Secondly, I’ve realized that those people complaining about Uzaki’s look are non-weebs; otherwise, they would have known that in manga both the eyes and the head are usually drawn bigger, the nose is often missing, and let’s not forget those impossible hair-dos. Do we have obvious veins on our forehead when we get angry? Do we get nosebleeds whenever we get sexually excited? Do rich girls laugh like Santa Claus or have you met anyone ending their sentences with “dattebayo” all the time? Welcome to the world of anime.
Besides, manga drawing styles vary from quintessential “moe” to JoJo-esque, depending on the artist. It’s just like regular art.
If they want reality in artwork, they can go ahead and hate on abstract paintings. People mock Uzaki only to seek attention because it’s the hot topic on social media.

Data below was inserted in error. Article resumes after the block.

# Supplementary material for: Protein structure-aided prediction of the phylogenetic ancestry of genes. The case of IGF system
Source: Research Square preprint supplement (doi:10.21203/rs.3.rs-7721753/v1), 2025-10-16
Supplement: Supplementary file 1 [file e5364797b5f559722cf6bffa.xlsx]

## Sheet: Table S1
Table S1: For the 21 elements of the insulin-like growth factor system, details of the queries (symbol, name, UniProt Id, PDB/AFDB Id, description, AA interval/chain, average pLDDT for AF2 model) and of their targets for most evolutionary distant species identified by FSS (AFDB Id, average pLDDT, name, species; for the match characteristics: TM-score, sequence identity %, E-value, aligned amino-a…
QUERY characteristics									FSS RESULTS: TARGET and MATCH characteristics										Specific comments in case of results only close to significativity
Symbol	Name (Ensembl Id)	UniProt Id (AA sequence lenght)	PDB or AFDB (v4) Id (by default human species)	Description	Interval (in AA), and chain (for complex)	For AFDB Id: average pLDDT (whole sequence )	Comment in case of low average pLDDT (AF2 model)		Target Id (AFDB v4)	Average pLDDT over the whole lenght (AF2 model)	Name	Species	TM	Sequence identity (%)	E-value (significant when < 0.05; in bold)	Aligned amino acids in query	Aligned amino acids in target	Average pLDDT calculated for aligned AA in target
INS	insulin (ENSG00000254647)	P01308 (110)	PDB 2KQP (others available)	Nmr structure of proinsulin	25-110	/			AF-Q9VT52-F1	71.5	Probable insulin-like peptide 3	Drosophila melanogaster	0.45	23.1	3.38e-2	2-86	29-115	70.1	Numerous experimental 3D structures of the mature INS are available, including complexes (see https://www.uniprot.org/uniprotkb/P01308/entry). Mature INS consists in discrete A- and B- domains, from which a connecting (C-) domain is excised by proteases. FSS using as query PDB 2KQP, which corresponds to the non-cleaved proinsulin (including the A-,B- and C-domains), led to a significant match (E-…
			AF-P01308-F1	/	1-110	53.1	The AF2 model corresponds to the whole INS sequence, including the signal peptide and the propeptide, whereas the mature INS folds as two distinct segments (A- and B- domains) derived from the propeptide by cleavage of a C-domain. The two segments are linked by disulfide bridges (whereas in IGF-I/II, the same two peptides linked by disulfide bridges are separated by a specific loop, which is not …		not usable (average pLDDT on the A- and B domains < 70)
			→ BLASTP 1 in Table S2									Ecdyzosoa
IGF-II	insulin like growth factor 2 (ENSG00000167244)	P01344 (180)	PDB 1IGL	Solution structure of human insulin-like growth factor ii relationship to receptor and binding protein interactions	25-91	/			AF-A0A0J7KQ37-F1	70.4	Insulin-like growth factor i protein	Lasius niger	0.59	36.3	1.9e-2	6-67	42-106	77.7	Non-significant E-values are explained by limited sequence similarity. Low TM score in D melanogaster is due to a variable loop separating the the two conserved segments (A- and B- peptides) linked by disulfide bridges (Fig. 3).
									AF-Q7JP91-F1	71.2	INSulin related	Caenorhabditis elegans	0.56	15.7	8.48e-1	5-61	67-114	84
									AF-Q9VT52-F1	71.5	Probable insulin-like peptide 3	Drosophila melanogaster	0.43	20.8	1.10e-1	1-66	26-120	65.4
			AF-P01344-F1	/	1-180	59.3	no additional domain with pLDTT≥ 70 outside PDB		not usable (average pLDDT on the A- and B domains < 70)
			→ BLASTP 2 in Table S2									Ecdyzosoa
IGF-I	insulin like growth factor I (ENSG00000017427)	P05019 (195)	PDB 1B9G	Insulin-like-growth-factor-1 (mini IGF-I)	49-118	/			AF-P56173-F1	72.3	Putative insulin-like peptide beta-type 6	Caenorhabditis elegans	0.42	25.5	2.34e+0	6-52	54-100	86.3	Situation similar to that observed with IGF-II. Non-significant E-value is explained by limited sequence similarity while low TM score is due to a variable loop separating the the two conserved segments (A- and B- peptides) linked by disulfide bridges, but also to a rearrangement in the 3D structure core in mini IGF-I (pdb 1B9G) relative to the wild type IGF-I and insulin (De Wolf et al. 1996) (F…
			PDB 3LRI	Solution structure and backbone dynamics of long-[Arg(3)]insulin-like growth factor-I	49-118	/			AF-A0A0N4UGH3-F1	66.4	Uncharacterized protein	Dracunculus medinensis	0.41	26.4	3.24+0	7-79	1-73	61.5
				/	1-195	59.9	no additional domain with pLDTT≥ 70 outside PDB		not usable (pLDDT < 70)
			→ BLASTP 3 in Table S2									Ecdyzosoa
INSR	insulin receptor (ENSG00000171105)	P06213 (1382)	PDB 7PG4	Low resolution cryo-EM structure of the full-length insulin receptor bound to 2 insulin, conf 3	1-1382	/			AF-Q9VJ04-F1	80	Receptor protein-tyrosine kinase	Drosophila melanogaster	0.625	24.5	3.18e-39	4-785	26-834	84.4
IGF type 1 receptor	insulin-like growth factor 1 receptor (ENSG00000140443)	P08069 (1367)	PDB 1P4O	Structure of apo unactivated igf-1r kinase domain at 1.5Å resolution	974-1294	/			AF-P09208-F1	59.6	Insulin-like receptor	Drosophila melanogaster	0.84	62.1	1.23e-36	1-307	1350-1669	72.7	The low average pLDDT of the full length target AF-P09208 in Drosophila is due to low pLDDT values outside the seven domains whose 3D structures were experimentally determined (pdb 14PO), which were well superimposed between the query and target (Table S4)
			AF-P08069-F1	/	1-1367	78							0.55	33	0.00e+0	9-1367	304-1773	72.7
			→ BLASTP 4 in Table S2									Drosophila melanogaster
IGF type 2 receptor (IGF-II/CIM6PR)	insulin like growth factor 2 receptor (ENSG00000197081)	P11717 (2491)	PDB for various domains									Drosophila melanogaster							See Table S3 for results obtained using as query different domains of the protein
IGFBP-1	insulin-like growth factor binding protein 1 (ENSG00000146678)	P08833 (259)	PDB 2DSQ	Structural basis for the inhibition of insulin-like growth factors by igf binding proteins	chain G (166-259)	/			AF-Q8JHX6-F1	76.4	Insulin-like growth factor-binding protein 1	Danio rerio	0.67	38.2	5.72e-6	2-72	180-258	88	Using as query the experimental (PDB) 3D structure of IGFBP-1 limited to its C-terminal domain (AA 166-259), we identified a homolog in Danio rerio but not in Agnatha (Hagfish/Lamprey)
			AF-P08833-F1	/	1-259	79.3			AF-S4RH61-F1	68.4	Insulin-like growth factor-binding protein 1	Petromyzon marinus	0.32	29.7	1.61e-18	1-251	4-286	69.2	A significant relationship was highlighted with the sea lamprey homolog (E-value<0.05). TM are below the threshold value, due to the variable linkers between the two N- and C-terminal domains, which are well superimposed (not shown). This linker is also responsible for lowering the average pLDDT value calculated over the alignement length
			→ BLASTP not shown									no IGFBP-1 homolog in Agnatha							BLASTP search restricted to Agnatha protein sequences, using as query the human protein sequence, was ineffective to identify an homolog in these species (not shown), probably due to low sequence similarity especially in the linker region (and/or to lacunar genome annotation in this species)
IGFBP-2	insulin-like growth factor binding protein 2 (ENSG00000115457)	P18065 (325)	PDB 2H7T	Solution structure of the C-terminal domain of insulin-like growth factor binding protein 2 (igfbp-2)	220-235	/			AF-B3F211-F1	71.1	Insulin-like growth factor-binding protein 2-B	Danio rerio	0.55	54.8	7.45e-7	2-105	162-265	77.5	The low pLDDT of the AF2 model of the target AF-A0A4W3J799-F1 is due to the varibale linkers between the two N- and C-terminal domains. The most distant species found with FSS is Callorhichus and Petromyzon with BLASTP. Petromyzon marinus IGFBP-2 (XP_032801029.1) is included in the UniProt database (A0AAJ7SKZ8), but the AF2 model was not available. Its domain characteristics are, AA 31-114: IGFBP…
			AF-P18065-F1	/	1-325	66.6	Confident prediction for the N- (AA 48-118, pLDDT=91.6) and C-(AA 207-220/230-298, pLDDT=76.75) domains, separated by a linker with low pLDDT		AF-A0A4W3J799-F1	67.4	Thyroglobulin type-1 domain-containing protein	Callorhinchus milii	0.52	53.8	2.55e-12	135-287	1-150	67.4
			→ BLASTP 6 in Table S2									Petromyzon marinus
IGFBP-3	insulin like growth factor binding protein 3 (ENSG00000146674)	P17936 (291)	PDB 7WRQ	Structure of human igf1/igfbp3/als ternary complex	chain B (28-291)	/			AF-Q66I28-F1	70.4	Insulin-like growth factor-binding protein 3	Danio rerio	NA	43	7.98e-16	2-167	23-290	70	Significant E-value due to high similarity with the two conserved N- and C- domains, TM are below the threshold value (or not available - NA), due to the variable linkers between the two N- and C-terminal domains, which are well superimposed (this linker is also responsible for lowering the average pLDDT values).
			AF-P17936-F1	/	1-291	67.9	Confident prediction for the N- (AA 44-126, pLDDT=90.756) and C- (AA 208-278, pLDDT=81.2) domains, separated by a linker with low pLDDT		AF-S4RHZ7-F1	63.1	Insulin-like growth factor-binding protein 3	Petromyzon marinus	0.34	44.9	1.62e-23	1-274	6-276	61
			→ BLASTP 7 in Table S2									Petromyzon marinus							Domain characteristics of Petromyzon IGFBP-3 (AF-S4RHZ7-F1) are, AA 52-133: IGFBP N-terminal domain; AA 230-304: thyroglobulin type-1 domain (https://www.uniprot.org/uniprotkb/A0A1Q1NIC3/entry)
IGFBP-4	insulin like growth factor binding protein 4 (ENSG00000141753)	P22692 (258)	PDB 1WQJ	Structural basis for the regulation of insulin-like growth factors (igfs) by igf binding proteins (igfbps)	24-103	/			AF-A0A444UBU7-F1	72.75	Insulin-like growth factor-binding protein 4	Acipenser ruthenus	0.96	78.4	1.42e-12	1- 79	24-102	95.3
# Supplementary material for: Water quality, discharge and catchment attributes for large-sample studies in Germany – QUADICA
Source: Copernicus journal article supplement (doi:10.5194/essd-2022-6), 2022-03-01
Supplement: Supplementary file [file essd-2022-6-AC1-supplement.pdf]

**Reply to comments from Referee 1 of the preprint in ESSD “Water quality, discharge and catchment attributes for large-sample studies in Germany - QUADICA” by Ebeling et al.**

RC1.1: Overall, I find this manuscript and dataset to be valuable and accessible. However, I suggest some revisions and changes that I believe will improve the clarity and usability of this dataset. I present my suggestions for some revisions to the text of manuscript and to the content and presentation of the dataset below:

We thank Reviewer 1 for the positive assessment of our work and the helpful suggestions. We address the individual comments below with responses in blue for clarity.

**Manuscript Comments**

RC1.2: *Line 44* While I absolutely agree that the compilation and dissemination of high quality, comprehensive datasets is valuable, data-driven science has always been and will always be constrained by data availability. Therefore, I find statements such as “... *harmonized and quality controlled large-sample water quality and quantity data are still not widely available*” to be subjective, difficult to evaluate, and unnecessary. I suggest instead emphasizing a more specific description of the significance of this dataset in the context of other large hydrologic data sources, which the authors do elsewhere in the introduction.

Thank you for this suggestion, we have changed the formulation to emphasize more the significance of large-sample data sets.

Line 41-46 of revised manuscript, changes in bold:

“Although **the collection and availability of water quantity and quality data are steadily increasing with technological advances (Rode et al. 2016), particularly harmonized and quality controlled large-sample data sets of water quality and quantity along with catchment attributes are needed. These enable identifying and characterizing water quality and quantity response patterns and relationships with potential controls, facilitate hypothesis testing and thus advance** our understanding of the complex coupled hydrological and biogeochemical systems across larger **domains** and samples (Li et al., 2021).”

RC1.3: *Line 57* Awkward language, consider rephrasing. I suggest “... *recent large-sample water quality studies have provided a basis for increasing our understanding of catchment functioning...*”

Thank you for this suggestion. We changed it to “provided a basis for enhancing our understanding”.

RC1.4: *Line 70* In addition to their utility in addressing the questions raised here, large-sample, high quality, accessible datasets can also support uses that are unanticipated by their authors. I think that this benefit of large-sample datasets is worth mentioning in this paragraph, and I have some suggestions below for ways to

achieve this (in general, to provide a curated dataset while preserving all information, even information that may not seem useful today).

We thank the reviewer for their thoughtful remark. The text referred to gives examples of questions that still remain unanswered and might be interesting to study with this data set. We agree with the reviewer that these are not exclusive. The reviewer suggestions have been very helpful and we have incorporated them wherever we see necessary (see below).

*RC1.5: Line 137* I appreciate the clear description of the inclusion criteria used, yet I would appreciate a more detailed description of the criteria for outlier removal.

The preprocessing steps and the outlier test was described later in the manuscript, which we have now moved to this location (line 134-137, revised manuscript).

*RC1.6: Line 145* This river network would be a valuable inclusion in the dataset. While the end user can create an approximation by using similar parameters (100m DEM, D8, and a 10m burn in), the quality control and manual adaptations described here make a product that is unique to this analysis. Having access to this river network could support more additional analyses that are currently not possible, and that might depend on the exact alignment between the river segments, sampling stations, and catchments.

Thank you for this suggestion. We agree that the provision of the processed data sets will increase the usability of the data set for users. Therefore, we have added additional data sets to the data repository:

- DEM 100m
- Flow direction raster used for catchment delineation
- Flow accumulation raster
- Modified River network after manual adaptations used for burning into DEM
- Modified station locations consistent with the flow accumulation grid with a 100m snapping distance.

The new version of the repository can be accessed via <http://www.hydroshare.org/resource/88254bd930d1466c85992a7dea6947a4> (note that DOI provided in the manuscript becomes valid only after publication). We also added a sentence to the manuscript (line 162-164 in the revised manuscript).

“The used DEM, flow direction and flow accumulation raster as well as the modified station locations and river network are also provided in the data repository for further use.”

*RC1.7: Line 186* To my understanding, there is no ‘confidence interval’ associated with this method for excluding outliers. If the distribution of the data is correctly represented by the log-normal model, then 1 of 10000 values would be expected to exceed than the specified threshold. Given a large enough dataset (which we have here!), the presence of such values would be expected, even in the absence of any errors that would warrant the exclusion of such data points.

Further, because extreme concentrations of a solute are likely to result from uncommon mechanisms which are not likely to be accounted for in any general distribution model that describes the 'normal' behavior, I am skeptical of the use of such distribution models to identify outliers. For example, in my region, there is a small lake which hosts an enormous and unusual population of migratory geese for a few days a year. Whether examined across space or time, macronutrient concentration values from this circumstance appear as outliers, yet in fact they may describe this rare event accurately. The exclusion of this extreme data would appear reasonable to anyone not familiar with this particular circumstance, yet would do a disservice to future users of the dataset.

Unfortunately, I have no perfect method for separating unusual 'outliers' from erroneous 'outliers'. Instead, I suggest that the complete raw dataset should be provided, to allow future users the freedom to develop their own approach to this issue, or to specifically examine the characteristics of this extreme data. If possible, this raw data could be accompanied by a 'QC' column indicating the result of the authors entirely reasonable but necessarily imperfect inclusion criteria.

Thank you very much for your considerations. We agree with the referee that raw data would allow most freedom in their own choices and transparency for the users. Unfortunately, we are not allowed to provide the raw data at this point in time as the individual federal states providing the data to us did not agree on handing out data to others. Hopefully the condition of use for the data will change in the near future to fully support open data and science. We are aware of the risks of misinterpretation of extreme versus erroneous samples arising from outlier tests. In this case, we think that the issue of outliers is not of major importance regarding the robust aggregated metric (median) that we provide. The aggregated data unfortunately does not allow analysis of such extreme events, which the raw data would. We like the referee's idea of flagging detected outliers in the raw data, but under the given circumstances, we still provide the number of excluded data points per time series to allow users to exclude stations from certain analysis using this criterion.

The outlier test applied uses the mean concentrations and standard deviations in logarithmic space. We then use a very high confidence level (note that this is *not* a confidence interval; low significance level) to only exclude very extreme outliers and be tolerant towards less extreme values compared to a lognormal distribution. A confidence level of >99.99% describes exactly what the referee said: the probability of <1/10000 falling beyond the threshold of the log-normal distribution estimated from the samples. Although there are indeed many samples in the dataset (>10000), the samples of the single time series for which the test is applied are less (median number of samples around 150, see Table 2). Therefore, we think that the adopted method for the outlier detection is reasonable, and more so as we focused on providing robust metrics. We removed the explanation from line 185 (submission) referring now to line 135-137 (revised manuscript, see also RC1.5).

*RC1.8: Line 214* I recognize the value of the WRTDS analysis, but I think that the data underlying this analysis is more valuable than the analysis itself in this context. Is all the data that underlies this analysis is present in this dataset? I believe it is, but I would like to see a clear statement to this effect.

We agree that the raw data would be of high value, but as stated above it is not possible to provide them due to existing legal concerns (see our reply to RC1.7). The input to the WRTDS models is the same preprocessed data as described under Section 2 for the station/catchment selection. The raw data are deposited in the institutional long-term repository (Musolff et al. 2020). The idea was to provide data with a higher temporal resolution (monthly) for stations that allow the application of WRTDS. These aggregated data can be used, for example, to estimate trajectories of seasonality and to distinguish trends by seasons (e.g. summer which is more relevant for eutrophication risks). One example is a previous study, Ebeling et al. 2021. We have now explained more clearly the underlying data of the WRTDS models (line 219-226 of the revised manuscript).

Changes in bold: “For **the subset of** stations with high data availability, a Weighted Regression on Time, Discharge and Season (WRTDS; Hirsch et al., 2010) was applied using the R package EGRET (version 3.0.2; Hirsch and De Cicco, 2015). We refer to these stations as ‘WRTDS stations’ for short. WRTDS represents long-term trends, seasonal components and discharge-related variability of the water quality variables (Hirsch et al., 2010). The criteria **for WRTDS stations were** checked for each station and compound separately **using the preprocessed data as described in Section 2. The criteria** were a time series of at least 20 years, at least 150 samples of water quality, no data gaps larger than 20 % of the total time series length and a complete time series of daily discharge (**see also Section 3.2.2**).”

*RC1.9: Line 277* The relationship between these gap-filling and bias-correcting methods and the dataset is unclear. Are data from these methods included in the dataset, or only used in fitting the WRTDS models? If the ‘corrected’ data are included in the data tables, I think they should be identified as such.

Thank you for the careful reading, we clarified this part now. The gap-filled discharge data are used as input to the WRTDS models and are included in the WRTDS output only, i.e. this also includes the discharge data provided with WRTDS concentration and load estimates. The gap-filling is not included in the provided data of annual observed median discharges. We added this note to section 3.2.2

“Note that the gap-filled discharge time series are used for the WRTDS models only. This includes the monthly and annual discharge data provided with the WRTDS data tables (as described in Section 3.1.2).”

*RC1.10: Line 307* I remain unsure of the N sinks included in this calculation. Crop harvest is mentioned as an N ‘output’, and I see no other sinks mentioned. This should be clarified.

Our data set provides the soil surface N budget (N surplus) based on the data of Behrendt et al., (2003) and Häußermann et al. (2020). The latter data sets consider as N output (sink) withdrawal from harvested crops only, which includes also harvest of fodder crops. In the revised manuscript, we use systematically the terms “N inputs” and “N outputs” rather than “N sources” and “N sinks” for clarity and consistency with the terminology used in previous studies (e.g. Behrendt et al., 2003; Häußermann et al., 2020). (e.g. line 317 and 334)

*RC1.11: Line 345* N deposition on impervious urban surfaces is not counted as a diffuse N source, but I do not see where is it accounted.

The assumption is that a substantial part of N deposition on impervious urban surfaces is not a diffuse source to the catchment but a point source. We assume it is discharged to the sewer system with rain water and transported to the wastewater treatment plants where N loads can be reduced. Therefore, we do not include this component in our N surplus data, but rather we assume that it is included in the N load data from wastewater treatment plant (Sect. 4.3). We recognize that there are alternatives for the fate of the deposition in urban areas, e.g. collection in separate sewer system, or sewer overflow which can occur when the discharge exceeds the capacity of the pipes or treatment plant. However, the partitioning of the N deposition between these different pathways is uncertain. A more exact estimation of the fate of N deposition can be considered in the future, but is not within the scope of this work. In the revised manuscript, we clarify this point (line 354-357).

Now that manga and anime have become so popular, even “regular people,” who tend to use the term “otaku” or “weeb” in a disparaging manner, are curious about the culture.
Uzaki certainly isn’t the only female character with such a curvy figure and youthful looks. She is an easy target because the media controversy over the Red Cross campaign made her the center of attention, and some people keep using her for their hateful posts to get noticed on their timelines.
For what it’s worth, the creator of “Uzaki-chan Wants To Hang Out” should be proud of the buzz it’s generating. No one’s going to talk about you unless you’re worthy of recognition.
Article Source: Grapee.Jp